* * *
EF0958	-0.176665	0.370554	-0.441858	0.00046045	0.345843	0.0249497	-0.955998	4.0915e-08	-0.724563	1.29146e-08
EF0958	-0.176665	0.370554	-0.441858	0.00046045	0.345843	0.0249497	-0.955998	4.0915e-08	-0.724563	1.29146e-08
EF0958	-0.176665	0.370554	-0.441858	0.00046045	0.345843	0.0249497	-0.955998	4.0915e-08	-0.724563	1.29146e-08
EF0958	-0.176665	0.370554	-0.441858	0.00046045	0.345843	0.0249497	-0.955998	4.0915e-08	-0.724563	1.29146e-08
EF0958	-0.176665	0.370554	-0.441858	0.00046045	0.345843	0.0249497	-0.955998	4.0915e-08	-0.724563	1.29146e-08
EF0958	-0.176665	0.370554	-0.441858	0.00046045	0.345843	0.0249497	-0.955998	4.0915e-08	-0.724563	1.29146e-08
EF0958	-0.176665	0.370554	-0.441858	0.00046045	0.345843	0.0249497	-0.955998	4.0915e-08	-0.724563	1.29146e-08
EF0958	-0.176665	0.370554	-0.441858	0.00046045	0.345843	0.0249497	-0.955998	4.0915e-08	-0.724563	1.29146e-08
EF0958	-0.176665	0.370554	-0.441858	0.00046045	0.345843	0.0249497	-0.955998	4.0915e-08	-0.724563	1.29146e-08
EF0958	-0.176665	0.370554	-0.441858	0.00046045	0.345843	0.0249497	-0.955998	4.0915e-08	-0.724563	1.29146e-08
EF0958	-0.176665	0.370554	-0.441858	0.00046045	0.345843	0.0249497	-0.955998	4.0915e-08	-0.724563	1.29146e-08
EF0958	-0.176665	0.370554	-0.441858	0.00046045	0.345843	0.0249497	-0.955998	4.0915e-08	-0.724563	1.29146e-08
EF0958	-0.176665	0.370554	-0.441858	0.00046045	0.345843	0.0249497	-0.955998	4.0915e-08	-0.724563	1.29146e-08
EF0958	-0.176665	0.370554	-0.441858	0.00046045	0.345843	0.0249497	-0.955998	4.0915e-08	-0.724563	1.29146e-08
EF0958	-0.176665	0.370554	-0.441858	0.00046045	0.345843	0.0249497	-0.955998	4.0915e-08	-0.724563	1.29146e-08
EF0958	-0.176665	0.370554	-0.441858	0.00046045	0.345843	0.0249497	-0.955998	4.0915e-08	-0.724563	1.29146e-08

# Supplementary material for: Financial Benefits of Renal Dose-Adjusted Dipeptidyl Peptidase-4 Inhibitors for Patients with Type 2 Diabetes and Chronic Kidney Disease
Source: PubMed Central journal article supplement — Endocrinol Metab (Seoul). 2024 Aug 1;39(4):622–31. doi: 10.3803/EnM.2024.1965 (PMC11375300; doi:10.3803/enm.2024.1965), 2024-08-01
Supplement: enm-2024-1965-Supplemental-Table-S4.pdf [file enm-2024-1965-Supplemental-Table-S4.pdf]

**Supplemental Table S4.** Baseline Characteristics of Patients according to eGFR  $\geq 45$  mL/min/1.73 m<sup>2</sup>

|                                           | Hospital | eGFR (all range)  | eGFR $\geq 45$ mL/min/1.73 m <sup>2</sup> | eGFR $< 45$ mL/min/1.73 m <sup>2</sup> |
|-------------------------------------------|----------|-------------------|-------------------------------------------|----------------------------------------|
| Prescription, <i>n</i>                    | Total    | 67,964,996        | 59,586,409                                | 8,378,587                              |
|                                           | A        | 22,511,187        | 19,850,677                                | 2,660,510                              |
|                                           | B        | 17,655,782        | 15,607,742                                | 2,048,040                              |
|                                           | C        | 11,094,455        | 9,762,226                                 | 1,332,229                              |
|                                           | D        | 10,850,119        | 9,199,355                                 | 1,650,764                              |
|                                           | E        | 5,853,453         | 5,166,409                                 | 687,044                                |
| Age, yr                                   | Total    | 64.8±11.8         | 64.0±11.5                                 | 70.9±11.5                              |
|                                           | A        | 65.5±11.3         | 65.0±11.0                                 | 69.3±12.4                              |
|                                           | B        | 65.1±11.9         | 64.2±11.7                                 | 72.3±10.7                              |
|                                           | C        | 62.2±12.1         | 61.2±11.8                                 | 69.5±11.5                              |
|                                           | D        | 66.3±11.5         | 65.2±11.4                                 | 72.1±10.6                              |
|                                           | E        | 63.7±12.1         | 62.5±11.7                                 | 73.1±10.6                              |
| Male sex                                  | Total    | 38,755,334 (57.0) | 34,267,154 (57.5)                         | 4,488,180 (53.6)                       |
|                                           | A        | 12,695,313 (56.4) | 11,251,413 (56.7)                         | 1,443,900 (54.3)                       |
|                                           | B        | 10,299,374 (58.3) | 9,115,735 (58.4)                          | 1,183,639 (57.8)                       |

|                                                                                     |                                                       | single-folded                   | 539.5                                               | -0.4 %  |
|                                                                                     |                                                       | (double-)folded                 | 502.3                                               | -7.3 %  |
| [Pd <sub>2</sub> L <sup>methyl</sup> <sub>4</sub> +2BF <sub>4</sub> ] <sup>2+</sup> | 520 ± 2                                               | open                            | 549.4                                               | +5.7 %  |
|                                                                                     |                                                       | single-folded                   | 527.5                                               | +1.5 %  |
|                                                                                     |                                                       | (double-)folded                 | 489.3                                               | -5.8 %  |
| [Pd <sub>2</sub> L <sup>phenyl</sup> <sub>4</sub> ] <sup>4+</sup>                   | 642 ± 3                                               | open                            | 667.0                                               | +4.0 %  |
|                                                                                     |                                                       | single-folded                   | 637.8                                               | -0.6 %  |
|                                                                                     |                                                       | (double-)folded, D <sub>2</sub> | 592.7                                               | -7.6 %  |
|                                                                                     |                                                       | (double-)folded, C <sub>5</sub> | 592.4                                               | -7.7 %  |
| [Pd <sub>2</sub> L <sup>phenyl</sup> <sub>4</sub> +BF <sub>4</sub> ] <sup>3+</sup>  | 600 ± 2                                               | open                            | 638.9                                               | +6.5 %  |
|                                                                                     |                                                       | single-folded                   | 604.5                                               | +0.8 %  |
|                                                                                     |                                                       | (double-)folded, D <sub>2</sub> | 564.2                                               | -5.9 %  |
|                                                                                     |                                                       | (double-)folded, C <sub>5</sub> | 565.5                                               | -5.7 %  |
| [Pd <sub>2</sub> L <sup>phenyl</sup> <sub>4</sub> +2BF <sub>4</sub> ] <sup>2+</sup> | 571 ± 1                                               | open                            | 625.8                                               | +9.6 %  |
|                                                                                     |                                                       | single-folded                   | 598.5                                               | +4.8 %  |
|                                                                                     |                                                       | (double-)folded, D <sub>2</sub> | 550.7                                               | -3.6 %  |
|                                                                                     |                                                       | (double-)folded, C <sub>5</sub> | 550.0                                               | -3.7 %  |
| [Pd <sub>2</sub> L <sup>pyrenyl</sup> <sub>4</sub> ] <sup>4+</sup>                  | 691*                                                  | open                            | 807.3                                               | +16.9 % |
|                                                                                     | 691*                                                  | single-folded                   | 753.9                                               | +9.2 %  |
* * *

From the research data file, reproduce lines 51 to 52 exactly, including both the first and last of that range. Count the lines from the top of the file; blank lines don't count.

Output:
| [Pd <sub>2</sub> L <sup>phenyl</sup> <sub>4</sub> +2BF <sub>4</sub> ] <sup>2+</sup> | 571 ± 1                                               | open                            | 625.8                                               | +9.6 %  |
|                                                                                     |                                                       | single-folded                   | 598.5                                               | +4.8 %  |